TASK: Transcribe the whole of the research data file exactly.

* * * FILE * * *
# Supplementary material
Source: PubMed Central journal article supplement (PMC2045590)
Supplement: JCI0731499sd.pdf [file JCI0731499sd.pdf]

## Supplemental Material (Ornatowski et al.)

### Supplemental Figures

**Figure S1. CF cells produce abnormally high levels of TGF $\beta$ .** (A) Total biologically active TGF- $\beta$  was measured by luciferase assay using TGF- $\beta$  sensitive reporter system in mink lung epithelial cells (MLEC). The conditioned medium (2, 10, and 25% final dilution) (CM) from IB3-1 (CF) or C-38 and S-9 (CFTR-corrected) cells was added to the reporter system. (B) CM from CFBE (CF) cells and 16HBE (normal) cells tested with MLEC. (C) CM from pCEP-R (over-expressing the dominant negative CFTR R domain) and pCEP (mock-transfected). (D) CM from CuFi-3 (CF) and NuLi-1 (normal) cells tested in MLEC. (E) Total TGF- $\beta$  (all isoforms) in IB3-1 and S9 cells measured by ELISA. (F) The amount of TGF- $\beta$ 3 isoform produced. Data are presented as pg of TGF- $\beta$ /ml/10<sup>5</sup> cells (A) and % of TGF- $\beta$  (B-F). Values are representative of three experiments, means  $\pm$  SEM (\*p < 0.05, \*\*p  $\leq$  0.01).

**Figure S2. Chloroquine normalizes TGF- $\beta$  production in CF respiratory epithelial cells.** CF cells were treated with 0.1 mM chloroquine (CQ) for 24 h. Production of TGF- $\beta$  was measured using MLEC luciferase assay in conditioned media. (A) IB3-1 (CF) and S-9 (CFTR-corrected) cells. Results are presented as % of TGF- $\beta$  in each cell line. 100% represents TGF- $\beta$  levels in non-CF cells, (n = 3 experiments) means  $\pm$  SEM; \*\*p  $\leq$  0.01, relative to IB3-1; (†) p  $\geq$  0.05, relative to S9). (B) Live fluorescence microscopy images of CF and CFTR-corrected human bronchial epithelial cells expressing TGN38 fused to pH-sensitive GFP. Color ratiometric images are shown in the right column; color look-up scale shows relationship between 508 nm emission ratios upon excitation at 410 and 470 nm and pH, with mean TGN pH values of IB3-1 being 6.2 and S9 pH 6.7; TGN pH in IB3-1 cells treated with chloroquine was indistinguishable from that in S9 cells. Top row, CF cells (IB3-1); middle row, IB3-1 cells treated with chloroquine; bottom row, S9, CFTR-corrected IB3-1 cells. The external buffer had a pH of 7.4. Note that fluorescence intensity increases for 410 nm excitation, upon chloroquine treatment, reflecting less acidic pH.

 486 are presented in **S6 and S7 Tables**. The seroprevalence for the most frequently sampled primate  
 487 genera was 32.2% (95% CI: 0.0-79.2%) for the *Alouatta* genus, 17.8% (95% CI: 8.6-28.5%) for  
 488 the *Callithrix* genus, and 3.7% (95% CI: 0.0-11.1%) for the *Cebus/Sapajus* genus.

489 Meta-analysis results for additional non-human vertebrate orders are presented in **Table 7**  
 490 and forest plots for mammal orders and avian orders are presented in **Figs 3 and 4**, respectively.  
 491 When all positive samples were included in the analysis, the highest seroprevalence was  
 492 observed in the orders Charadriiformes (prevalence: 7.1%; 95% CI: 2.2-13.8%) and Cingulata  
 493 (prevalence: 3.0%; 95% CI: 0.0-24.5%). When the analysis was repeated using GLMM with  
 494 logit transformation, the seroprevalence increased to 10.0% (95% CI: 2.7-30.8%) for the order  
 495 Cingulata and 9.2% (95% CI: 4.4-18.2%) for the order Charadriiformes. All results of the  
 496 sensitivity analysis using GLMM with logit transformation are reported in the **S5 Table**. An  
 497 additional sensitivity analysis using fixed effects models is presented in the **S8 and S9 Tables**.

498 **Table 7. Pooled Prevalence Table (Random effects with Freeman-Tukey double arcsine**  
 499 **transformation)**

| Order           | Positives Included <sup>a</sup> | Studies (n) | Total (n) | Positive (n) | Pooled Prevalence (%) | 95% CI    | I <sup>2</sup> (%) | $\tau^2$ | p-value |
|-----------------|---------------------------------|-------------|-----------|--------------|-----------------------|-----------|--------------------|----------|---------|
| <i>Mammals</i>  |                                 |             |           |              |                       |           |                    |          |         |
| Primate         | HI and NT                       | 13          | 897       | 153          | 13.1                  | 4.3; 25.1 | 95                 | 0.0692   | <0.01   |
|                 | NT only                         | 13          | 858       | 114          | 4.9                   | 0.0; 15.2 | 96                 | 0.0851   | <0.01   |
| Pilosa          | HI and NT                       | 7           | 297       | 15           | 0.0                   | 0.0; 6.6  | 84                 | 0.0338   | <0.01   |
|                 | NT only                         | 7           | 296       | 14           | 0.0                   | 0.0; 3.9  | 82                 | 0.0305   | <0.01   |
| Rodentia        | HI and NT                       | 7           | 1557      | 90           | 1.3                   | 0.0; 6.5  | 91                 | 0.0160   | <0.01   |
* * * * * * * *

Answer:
# Supplementary material
Source: PubMed Central journal article supplement (PMC2045590)
Supplement: JCI0731499sd.pdf [file JCI0731499sd.pdf]

## Supplemental Material (Ornatowski et al.)

### Supplemental Figures

**Figure S1. CF cells produce abnormally high levels of TGF $\beta$ .** (A) Total biologically active TGF- $\beta$  was measured by luciferase assay using TGF- $\beta$  sensitive reporter system in mink lung epithelial cells (MLEC). The conditioned medium (2, 10, and 25% final dilution) (CM) from IB3-1 (CF) or C-38 and S-9 (CFTR-corrected) cells was added to the reporter system. (B) CM from CFBE (CF) cells and 16HBE (normal) cells tested with MLEC. (C) CM from pCEP-R (over-expressing the dominant negative CFTR R domain) and pCEP (mock-transfected). (D) CM from CuFi-3 (CF) and NuLi-1 (normal) cells tested in MLEC. (E) Total TGF- $\beta$  (all isoforms) in IB3-1 and S9 cells measured by ELISA. (F) The amount of TGF- $\beta$ 3 isoform produced. Data are presented as pg of TGF- $\beta$ /ml/10<sup>5</sup> cells (A) and % of TGF- $\beta$  (B-F). Values are representative of three experiments, means  $\pm$  SEM (\*p < 0.05, \*\*p  $\leq$  0.01).

**Figure S2. Chloroquine normalizes TGF- $\beta$  production in CF respiratory epithelial cells.** CF cells were treated with 0.1 mM chloroquine (CQ) for 24 h. Production of TGF- $\beta$  was measured using MLEC luciferase assay in conditioned media. (A) IB3-1 (CF) and S-9 (CFTR-corrected) cells. Results are presented as % of TGF- $\beta$  in each cell line. 100% represents TGF- $\beta$  levels in non-CF cells, (n = 3 experiments) means  $\pm$  SEM; \*\*p  $\leq$  0.01, relative to IB3-1; (†) p  $\geq$  0.05, relative to S9). (B) Live fluorescence microscopy images of CF and CFTR-corrected human bronchial epithelial cells expressing TGN38 fused to pH-sensitive GFP. Color ratiometric images are shown in the right column; color look-up scale shows relationship between 508 nm emission ratios upon excitation at 410 and 470 nm and pH, with mean TGN pH values of IB3-1 being 6.2 and S9 pH 6.7; TGN pH in IB3-1 cells treated with chloroquine was indistinguishable from that in S9 cells. Top row, CF cells (IB3-1); middle row, IB3-1 cells treated with chloroquine; bottom row, S9, CFTR-corrected IB3-1 cells. The external buffer had a pH of 7.4. Note that fluorescence intensity increases for 410 nm excitation, upon chloroquine treatment, reflecting less acidic pH.

 486 are presented in **S6 and S7 Tables**. The seroprevalence for the most frequently sampled primate  
 487 genera was 32.2% (95% CI: 0.0-79.2%) for the *Alouatta* genus, 17.8% (95% CI: 8.6-28.5%) for  
 488 the *Callithrix* genus, and 3.7% (95% CI: 0.0-11.1%) for the *Cebus/Sapajus* genus.

489 Meta-analysis results for additional non-human vertebrate orders are presented in **Table 7**  
 490 and forest plots for mammal orders and avian orders are presented in **Figs 3 and 4**, respectively.  
 491 When all positive samples were included in the analysis, the highest seroprevalence was  
 492 observed in the orders Charadriiformes (prevalence: 7.1%; 95% CI: 2.2-13.8%) and Cingulata  
 493 (prevalence: 3.0%; 95% CI: 0.0-24.5%). When the analysis was repeated using GLMM with  
 494 logit transformation, the seroprevalence increased to 10.0% (95% CI: 2.7-30.8%) for the order  
 495 Cingulata and 9.2% (95% CI: 4.4-18.2%) for the order Charadriiformes. All results of the  
 496 sensitivity analysis using GLMM with logit transformation are reported in the **S5 Table**. An  
 497 additional sensitivity analysis using fixed effects models is presented in the **S8 and S9 Tables**.

498 **Table 7. Pooled Prevalence Table (Random effects with Freeman-Tukey double arcsine**  
 499 **transformation)**

| Order           | Positives Included <sup>a</sup> | Studies (n) | Total (n) | Positive (n) | Pooled Prevalence (%) | 95% CI    | I <sup>2</sup> (%) | $\tau^2$ | p-value |
|-----------------|---------------------------------|-------------|-----------|--------------|-----------------------|-----------|--------------------|----------|---------|
| <i>Mammals</i>  |                                 |             |           |              |                       |           |                    |          |         |
| Primate         | HI and NT                       | 13          | 897       | 153          | 13.1                  | 4.3; 25.1 | 95                 | 0.0692   | <0.01   |
|                 | NT only                         | 13          | 858       | 114          | 4.9                   | 0.0; 15.2 | 96                 | 0.0851   | <0.01   |
| Pilosa          | HI and NT                       | 7           | 297       | 15           | 0.0                   | 0.0; 6.6  | 84                 | 0.0338   | <0.01   |
|                 | NT only                         | 7           | 296       | 14           | 0.0                   | 0.0; 3.9  | 82                 | 0.0305   | <0.01   |
| Rodentia        | HI and NT                       | 7           | 1557      | 90           | 1.3                   | 0.0; 6.5  | 91                 | 0.0160   | <0.01   |